Oscar-winning director Jonathan Demme, best known for working on critically acclaimed films such as The Silence of the Lambs (1991) and Philadelphia (1993), has died at his home in Manhattan at the age of seventy-three, NPR reports.
Born in Baldwin, Long Island, in 1944, Demme wanted to become a veterinarian, but changed course after failing college chemistry. He began writing movie reviews for his campus paper and eventually left college to accept an apprenticeship with producer Roger Corman. Demme started out as a publicist before trying his hand as a director.
Demme’s cinematic output over the course of his career ranges from Beloved (1998), an adaption of Toni Morrison’s eponymous novel inspired by the story of an African American slave who flees to a free state after the Civil War, to the Cold War thriller The Manchurian Candidate (2004) and the Talking Heads concert film Stop Making Sense (1984), as well as documentaries on Neil Young and Demme’s cousin who worked as a priest in Harlem. He perhaps earned the widest recognition for his haunting film The Silence of the Lambs, which earned him five Oscars in 1991, including one for best picture and director.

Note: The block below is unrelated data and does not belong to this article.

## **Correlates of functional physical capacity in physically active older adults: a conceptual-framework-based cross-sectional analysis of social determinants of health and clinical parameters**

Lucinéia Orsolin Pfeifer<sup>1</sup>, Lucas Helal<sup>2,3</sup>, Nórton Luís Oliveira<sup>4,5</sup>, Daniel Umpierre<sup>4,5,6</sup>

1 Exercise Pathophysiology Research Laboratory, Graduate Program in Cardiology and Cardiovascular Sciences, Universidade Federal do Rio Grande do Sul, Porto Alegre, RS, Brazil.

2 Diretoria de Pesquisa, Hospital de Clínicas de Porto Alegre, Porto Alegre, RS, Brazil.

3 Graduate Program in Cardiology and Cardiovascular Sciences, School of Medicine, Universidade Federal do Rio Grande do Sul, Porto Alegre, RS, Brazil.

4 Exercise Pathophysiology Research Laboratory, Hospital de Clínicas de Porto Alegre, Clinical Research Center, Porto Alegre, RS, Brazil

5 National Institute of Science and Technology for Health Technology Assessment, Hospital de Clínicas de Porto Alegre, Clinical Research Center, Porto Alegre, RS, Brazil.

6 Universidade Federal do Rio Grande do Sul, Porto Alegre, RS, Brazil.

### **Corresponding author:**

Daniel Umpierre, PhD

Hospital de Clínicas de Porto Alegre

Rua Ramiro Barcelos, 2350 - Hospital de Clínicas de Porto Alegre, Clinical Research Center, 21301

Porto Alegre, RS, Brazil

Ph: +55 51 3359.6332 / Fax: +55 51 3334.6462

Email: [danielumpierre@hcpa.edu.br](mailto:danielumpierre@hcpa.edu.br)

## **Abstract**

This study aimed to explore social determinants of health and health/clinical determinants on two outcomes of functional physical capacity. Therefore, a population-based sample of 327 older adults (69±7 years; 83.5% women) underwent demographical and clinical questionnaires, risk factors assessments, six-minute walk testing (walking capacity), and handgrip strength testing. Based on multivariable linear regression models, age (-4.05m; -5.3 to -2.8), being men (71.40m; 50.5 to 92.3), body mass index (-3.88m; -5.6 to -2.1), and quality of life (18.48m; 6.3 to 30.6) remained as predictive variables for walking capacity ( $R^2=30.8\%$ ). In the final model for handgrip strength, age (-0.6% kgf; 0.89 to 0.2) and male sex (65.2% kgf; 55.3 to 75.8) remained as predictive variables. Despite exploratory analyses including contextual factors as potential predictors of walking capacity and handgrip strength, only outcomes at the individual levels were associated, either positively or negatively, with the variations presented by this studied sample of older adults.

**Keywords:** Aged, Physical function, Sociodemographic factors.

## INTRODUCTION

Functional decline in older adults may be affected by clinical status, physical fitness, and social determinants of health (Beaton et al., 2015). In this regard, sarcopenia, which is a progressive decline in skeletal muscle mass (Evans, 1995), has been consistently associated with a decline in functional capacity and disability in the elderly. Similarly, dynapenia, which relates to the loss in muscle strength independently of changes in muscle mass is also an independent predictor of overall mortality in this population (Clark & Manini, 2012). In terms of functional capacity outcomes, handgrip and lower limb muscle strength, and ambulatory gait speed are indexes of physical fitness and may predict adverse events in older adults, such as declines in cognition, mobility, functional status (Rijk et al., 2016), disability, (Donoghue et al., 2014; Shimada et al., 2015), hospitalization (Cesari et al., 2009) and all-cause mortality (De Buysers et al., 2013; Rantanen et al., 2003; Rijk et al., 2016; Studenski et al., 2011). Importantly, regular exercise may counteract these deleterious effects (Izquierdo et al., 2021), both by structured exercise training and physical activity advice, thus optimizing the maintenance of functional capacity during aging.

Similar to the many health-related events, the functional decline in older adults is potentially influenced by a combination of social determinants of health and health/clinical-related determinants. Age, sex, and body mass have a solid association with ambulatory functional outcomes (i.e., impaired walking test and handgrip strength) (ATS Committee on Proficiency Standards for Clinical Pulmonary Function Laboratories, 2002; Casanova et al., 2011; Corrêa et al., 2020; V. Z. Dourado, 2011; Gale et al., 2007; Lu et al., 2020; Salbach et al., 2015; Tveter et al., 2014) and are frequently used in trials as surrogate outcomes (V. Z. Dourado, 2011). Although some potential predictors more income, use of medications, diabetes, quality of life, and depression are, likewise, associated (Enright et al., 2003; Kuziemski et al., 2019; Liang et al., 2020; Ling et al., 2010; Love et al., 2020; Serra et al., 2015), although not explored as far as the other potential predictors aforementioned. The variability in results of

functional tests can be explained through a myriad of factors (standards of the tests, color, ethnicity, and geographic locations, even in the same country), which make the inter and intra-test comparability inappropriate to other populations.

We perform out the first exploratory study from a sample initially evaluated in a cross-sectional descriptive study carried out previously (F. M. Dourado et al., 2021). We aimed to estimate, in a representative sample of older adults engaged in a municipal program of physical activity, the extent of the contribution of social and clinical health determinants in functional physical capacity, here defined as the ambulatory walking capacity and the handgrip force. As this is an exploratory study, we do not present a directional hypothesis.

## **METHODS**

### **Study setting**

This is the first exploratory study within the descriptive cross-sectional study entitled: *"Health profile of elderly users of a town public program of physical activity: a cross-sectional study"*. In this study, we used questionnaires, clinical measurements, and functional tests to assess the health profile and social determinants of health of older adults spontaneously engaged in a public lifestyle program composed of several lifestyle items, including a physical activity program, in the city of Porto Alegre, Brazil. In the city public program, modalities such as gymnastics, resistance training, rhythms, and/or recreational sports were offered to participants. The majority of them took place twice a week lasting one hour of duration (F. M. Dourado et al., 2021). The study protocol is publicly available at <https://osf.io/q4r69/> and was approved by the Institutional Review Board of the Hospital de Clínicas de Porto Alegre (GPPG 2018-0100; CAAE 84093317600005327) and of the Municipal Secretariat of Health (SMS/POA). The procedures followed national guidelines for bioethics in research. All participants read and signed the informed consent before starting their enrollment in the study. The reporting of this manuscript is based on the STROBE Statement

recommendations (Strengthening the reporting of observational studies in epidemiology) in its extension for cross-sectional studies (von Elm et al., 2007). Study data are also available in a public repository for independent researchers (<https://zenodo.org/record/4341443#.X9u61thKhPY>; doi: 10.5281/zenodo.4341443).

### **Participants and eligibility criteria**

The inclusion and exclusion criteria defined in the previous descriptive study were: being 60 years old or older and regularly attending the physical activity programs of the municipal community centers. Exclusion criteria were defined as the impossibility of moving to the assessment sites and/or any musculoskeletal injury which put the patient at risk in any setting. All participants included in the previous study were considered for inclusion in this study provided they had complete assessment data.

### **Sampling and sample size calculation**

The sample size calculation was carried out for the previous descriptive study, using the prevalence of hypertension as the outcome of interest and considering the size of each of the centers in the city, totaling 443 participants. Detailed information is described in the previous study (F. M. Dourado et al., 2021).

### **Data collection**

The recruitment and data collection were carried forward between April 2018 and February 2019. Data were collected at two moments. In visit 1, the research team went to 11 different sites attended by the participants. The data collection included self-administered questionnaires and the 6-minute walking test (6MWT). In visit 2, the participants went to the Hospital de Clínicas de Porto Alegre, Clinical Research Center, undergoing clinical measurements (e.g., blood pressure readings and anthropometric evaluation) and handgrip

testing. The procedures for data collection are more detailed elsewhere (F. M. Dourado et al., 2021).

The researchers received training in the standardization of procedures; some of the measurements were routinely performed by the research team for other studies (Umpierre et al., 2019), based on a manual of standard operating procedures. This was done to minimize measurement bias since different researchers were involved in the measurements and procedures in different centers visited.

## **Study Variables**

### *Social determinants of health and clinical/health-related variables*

The film was featured in the March 1991 issue of Artforum, for which Jeanne Silverthorne wrote: “The Silence of the Lambs is as tense a thriller as Hollywood makes, but it is also, like so many of the films of Alfred Hitchcock, a thoughtful, grim, perverse meditation on sex and social identity. In images that work poetically and metaphorically as much as to tell a story, Demme, working from a novel by Thomas Harris, describes a society crying out for a transformation of its basic structures as they are ordered by gender, but harrowed by the process of change.”
More recently, he directed the comedy Ricki and the Flash (2015) starring Meryl Streep. Commenting on his work, Demme said: “I’ve always followed my enthusiasm. Whether the pictures have turned out good or not is one thing—but I've always had a lot of enthusiasm for the project at hand.”